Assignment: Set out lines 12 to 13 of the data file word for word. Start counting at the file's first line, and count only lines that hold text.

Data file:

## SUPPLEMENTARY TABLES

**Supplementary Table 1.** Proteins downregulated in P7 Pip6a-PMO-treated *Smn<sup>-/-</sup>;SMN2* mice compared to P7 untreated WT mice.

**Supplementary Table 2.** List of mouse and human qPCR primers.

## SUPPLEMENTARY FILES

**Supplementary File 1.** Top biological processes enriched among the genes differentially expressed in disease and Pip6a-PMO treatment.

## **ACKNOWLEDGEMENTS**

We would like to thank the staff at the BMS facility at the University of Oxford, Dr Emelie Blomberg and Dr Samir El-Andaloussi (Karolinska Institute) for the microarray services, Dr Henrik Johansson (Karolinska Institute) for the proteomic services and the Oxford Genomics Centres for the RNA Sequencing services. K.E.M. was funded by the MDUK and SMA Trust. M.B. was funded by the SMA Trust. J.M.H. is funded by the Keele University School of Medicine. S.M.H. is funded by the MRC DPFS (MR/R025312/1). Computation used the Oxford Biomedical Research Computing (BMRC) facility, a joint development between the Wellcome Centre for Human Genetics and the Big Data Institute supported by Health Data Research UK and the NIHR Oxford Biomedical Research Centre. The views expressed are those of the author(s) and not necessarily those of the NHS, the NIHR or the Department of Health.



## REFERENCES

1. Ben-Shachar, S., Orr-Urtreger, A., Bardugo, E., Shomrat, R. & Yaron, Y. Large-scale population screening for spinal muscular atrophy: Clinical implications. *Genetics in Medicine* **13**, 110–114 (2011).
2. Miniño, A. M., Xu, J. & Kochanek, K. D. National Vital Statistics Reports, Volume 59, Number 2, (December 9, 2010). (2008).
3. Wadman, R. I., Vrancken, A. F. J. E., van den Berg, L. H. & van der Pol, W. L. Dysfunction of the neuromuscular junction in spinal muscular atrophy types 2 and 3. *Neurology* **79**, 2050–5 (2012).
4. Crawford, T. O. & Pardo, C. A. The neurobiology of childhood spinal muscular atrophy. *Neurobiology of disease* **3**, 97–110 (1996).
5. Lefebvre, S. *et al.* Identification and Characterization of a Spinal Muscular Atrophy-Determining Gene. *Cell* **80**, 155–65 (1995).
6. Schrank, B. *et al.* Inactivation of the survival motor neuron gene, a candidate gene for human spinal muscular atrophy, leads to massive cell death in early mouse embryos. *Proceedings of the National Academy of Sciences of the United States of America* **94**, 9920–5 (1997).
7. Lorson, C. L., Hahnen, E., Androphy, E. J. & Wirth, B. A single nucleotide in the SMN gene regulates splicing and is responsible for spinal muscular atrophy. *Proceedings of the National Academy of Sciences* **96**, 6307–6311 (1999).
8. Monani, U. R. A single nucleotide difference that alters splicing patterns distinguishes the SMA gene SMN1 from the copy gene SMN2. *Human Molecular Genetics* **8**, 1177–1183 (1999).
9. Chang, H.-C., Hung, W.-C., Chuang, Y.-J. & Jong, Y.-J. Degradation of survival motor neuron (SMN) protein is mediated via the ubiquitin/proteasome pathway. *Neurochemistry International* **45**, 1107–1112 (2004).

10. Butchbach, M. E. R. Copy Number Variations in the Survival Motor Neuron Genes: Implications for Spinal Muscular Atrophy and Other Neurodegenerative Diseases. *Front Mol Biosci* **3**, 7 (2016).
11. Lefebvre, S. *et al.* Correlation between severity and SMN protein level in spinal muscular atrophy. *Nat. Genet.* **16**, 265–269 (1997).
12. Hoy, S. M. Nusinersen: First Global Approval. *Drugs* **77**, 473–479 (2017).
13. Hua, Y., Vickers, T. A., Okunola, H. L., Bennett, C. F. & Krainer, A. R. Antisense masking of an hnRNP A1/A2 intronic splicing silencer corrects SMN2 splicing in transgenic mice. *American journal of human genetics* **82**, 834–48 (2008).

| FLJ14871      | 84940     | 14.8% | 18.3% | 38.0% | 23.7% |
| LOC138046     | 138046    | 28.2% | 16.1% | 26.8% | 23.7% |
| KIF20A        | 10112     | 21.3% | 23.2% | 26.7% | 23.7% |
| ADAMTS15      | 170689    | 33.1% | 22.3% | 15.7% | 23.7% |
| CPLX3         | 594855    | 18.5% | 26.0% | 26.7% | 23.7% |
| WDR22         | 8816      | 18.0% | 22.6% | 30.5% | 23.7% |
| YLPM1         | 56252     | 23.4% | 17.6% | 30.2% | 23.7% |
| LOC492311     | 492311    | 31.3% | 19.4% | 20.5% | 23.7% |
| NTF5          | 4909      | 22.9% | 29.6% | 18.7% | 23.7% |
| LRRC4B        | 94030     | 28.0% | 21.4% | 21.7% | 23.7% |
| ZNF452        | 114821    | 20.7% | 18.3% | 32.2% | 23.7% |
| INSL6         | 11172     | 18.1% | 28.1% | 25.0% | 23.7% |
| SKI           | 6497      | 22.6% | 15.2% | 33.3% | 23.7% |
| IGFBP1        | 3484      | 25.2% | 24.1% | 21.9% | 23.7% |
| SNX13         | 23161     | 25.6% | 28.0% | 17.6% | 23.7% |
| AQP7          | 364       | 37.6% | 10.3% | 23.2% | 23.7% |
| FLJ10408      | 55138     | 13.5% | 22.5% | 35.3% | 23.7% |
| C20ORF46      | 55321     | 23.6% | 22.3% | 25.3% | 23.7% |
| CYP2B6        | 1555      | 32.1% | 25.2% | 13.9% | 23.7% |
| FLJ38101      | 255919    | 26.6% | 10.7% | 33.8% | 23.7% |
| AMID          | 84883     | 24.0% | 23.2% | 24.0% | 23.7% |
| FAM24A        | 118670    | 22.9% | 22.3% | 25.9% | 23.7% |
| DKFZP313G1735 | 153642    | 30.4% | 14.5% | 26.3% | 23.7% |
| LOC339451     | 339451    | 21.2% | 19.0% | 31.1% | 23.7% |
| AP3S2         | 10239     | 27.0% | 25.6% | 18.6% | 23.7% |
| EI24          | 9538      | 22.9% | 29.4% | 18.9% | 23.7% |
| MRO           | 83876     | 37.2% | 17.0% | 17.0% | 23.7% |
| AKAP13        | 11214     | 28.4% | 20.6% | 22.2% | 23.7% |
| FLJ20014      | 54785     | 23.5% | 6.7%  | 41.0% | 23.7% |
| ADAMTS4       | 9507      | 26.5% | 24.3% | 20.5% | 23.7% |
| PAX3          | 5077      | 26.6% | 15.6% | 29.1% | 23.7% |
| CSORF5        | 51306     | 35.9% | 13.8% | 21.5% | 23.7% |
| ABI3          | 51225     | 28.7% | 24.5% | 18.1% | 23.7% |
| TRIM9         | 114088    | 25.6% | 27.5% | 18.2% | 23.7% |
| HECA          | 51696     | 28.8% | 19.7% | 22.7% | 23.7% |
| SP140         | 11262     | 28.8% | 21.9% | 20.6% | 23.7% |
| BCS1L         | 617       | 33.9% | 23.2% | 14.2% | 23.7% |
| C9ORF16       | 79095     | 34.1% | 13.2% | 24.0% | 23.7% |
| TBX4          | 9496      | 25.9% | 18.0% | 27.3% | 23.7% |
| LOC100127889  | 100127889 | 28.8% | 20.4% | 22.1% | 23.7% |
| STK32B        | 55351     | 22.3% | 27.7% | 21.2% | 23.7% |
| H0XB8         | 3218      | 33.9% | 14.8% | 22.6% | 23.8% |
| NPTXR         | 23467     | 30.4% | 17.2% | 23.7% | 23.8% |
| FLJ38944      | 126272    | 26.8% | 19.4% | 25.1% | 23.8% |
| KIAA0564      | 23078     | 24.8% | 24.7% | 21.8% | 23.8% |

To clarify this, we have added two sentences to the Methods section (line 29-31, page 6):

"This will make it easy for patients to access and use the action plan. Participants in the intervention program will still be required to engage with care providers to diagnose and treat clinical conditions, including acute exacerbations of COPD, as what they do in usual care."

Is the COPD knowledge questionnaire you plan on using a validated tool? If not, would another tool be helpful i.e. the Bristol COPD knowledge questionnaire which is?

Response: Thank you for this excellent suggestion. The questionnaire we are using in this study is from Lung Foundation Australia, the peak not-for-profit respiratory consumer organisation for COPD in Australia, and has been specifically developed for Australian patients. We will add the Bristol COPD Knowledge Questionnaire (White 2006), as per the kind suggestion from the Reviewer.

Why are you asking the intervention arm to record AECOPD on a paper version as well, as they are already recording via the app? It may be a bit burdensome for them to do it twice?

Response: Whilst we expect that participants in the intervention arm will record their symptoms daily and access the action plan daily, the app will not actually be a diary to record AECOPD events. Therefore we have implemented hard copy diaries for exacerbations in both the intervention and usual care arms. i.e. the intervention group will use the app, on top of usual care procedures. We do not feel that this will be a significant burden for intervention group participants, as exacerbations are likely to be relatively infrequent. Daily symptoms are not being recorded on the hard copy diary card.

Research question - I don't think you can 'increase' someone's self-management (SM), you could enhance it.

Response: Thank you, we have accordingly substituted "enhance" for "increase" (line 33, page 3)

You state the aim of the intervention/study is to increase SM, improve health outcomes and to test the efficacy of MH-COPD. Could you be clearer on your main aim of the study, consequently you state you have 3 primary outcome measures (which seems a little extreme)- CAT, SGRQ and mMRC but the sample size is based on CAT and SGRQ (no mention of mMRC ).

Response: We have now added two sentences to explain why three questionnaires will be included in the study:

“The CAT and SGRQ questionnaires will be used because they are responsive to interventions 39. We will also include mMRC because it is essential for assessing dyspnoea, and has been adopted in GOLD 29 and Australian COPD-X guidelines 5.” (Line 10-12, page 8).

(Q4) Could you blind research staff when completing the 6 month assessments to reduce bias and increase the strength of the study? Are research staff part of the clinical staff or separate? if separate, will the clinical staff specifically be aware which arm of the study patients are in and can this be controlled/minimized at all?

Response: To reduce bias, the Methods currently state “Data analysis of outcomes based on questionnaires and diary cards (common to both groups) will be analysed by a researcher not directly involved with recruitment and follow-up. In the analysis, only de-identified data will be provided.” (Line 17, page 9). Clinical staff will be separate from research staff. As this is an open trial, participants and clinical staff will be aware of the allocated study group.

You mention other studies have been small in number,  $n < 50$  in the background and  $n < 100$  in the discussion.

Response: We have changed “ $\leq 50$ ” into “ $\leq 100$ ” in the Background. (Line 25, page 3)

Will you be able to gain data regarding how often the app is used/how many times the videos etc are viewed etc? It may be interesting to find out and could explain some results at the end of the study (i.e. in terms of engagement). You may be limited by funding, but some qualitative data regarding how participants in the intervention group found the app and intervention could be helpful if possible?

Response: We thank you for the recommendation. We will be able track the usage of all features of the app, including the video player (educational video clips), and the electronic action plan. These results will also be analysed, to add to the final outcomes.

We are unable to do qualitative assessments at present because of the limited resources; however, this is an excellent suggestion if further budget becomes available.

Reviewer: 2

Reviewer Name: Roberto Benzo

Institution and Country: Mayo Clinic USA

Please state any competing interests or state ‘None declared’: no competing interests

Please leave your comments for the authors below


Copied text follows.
4. Crawford, T. O. & Pardo, C. A. The neurobiology of childhood spinal muscular atrophy. *Neurobiology of disease* **3**, 97–110 (1996).
5. Lefebvre, S. *et al.* Identification and Characterization of a Spinal Muscular Atrophy-Determining Gene. *Cell* **80**, 155–65 (1995).